No charity for
The Government plans to abolish the Australian Charities and Not-for-Profits Commission and establish a National Centre for Excellence (NCE) in its place.
The axing of the Commission threatens up to 100 Public Service jobs.
Minister for Social Services, Kevin Andrews said the NCE would support innovation, help to build capacity in the sector, provide education and training and work to reduce reporting and regulation with the civil sector.
“The role of charities and not-for-profit organisations in our community is important and the Government believes that supporting the sector’s ability to self-manage allows organisations to focus more on their work in the community, Mr Andrews said.
The Canberra Times reported that the Australian Charities and Not-for-Profits Commission (ACNC) was set up to uncover fraud and corruption in the sector. It had recently released its first full-year results showing dozens of allegations of fraud and corruption in the nation's charities.
The report stated that the Commission had received more than 200 complaints in its first year of operation with more than a third of them alleging fraud, fund-raising scams or individuals using charitable donations to enrich themselves.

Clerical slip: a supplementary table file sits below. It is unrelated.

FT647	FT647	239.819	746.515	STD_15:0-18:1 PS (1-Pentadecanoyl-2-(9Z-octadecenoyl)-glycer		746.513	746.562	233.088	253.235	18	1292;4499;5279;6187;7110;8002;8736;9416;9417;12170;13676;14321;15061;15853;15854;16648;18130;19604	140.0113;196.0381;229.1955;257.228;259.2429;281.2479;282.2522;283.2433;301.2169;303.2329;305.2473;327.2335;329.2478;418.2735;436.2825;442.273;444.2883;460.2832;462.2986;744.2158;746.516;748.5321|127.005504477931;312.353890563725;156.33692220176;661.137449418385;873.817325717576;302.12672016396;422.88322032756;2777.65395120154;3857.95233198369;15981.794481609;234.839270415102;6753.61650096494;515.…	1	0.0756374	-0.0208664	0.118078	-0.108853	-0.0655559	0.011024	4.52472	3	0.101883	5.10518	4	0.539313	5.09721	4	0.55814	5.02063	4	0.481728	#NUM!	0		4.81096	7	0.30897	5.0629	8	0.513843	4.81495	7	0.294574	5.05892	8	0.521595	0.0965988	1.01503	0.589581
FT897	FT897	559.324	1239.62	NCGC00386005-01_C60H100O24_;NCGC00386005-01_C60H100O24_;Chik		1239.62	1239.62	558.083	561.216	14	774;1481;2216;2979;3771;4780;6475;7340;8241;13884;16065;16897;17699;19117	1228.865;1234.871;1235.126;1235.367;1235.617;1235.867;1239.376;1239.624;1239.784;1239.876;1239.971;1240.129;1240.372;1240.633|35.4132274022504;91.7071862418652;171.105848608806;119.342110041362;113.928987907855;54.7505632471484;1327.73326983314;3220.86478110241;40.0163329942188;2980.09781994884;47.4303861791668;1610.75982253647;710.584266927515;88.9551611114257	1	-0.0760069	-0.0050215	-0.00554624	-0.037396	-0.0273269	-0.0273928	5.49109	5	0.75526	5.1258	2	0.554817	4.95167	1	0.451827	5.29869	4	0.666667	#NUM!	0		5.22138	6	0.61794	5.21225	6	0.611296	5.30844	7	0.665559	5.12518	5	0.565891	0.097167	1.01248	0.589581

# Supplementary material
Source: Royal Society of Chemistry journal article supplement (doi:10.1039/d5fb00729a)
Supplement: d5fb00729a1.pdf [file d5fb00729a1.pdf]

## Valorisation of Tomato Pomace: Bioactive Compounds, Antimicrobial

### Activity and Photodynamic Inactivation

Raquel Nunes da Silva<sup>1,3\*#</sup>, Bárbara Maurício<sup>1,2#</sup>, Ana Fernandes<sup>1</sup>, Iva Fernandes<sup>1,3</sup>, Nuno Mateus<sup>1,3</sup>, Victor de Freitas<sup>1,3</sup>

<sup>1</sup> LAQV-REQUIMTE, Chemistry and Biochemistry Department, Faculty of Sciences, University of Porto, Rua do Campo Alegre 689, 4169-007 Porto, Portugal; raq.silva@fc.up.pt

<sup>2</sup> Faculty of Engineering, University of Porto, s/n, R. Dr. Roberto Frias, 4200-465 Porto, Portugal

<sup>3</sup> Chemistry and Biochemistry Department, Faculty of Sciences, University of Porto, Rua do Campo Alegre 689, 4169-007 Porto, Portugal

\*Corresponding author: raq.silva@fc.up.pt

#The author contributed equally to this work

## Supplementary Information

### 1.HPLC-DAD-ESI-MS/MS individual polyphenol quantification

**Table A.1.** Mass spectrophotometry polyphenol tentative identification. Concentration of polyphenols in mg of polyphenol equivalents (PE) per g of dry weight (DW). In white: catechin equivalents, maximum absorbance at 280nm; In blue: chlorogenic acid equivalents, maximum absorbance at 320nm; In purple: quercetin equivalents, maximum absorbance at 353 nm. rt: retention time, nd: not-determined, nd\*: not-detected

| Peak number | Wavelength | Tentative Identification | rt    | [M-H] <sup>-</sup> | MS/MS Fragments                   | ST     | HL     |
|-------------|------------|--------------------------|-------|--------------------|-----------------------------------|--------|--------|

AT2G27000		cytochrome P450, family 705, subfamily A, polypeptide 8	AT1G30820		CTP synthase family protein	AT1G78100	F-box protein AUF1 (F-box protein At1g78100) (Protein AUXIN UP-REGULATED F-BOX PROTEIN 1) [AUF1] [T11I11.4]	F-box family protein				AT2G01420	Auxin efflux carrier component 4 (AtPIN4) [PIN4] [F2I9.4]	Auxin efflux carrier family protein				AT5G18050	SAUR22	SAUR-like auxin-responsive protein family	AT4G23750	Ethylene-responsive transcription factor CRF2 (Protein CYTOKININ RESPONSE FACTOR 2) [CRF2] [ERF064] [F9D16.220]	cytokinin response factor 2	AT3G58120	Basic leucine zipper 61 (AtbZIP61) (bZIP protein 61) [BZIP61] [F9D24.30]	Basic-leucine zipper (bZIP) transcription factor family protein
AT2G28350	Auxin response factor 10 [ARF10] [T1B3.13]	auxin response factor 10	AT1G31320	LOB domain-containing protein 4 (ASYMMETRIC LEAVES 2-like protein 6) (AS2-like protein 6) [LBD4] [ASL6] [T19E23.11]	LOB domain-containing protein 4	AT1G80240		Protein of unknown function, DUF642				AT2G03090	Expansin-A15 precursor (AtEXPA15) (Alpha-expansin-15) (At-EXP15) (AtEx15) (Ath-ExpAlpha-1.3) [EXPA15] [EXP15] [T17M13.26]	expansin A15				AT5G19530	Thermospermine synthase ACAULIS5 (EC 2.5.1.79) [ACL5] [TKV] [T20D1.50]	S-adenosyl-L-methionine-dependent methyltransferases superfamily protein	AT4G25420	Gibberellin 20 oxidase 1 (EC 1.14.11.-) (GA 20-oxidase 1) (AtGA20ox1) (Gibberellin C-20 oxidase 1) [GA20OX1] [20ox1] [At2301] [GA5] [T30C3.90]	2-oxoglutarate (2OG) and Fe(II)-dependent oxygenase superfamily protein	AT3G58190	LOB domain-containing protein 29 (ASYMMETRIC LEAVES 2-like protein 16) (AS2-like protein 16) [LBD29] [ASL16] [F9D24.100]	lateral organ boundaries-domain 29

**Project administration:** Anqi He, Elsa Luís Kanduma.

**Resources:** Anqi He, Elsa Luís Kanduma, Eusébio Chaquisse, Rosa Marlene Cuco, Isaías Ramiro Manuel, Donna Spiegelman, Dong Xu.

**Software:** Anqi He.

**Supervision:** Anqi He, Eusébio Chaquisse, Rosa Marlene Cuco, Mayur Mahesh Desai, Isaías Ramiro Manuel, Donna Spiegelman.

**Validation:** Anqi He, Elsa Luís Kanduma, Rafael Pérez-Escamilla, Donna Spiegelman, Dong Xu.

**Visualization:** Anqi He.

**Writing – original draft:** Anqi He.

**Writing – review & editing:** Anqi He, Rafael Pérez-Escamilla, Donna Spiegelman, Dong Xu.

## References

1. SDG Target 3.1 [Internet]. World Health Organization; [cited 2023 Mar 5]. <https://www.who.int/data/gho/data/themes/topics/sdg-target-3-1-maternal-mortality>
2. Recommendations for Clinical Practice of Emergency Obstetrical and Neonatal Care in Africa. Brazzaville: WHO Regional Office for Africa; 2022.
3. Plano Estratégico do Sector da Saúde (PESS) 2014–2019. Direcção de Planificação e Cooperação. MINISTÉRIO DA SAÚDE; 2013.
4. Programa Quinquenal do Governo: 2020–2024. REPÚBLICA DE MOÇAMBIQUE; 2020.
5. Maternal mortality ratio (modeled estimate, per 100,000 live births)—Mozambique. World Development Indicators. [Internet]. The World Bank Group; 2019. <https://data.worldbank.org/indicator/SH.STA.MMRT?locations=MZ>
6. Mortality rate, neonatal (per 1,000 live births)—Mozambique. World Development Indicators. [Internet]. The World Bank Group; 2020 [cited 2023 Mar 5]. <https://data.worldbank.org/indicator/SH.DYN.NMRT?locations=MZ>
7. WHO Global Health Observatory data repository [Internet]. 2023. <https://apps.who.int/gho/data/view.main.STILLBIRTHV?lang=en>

The Commission’s report states that there were currently 55 cases still open. Eight of these involved investigations of "serious matters."
Commissioner at ACNC, Susan Pascoe said the bulk of the first year's work had been the establishment of a register of charities to bring Australia into line with other developed nations.
Ms Pascoe said the regulator had been actively working to protect public trust and confidence in charities through its regulatory function.
“There are 202 charity-related concerns. This is an average of 17 charity-related concerns per month,” she said.
“The majority of the concerns (131) were raised by the public, 40 were referred by other Government Agencies and the remainder (31) came from other sources and active intelligence”.
She said referrals to the ACNC from other Government Agencies had come from 11 different Agencies, including seven State Government bodies and four Commonwealth Agencies.
“The majority of concerns raised about charities fit three main risk types. These are: governance (50), fraudulent or criminal activity (48), and private benefit (21),” Ms Pascoe said.
However, Mr Andrews said the ACNC had imposed “an unnecessary and ponderous compliance burden” on the sector and its abolition would “cut red tape”.
"We want to transfer the focus from coercive compliance and regulation to collaborative education, training and development," Mr Andrews said.
He said he wanted to have the legislation to abolish the Commission in Parliament within the next two months and the Centre of Excellence established in the 2014-2015 financial year.
The Minister said he also wanted to restore the role of the Australian Taxation Office, which previously regulated much of the sector.
Download the ACNC’s compliance overview from this PS News link.
Edition 400, 11 March 2014